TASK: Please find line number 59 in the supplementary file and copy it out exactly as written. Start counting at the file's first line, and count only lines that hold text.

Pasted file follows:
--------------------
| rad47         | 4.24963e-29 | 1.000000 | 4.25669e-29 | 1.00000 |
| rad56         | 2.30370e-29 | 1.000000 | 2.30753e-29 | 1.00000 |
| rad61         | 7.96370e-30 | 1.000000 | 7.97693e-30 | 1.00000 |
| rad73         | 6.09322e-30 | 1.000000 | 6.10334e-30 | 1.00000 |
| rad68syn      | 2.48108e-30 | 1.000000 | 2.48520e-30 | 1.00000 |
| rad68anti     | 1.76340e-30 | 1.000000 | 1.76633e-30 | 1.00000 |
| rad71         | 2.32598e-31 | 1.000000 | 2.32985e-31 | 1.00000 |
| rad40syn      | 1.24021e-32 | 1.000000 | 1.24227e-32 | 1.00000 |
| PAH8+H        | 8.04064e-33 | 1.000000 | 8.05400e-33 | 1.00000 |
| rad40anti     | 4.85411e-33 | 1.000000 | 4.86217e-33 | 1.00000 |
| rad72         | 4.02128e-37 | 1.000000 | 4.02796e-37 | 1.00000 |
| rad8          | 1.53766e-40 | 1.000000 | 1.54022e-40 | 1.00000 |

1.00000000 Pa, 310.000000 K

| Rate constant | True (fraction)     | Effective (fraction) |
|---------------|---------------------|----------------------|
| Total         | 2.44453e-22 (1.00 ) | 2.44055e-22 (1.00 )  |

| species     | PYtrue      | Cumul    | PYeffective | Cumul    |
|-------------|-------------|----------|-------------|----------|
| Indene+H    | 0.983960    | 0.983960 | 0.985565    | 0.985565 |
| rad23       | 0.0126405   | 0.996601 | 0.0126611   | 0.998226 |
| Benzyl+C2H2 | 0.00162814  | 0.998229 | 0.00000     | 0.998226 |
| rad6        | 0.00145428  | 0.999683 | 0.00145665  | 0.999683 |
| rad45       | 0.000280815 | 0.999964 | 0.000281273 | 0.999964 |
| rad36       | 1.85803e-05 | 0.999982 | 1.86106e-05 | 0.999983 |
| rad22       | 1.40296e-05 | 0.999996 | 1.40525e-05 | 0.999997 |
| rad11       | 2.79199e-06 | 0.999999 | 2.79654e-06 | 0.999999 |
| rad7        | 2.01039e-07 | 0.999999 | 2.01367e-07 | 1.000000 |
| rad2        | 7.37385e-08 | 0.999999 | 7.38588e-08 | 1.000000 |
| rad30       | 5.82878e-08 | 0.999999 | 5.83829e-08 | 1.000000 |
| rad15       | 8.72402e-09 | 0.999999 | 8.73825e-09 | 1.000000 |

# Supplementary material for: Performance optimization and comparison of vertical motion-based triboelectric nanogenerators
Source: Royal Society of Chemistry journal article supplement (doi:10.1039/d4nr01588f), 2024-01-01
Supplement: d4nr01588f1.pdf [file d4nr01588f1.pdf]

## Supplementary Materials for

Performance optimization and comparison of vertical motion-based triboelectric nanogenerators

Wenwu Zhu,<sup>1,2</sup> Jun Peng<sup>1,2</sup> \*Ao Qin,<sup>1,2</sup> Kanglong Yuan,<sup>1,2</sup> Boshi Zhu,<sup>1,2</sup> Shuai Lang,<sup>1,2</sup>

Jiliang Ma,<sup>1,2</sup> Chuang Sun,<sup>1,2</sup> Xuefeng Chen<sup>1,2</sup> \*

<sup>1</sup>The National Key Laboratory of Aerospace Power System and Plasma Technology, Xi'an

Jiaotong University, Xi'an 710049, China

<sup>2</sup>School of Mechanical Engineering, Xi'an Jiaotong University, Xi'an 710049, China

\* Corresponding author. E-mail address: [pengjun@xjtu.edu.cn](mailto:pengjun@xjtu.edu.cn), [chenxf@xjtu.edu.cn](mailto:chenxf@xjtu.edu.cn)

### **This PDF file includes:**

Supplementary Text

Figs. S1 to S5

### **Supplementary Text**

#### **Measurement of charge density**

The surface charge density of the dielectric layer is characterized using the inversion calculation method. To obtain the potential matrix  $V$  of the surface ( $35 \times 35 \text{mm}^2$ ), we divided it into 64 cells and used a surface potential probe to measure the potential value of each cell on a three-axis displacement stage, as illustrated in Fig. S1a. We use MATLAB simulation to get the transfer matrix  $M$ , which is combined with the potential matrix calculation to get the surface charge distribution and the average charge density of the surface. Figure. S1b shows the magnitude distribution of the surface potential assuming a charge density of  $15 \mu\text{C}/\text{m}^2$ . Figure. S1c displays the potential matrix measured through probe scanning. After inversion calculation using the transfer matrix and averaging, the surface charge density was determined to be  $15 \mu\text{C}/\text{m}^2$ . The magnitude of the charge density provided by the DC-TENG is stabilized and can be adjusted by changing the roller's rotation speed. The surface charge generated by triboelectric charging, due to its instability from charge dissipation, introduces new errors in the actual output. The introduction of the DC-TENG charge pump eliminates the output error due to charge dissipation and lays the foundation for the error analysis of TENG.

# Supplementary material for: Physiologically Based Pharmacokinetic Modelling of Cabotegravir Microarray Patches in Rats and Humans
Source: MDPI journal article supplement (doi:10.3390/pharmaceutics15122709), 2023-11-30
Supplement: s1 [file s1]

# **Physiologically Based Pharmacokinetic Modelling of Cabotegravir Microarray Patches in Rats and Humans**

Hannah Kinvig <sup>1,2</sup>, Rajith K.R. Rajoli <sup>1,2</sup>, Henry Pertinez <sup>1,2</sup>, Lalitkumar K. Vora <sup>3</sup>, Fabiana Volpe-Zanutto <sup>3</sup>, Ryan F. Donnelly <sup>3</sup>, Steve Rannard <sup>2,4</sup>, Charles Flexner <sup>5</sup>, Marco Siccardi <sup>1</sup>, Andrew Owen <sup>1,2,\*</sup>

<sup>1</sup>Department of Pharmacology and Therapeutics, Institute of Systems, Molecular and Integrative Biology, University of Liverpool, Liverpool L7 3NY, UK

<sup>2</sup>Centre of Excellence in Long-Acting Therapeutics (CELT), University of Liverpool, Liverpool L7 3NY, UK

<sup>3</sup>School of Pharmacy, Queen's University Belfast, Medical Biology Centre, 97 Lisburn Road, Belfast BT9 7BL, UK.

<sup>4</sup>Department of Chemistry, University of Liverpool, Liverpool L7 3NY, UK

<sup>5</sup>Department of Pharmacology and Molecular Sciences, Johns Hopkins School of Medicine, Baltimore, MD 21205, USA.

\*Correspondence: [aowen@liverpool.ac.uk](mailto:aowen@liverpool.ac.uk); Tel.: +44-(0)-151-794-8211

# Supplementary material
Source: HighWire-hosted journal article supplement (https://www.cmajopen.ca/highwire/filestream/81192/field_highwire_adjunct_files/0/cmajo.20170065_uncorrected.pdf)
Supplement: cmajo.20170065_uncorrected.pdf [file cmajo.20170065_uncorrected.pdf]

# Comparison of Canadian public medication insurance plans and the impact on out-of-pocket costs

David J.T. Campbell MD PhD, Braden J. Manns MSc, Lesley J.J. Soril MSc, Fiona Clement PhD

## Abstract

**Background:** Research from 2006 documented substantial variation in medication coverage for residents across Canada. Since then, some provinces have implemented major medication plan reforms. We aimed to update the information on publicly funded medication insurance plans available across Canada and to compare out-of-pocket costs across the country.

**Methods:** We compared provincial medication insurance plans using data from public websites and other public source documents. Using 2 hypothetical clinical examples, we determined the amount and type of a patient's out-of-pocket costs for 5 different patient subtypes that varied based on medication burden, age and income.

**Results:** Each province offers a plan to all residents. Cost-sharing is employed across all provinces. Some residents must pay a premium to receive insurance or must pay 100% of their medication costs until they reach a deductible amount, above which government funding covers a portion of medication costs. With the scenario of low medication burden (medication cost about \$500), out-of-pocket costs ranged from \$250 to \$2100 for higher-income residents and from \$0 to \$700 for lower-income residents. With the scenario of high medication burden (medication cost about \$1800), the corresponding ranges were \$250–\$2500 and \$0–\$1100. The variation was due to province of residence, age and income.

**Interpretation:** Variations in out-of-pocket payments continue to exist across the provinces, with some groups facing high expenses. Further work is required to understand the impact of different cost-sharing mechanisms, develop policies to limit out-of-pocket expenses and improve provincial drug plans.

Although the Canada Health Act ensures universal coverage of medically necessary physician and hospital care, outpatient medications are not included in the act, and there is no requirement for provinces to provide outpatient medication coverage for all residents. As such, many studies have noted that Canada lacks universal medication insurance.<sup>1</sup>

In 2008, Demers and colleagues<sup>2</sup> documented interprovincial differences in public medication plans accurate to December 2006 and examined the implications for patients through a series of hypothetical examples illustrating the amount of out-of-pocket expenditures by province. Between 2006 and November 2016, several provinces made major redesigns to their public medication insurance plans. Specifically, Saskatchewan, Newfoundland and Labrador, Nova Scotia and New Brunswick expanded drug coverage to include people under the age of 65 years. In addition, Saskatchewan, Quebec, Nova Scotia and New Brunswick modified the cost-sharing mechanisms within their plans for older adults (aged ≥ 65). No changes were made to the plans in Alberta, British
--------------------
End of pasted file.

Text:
# Supplementary material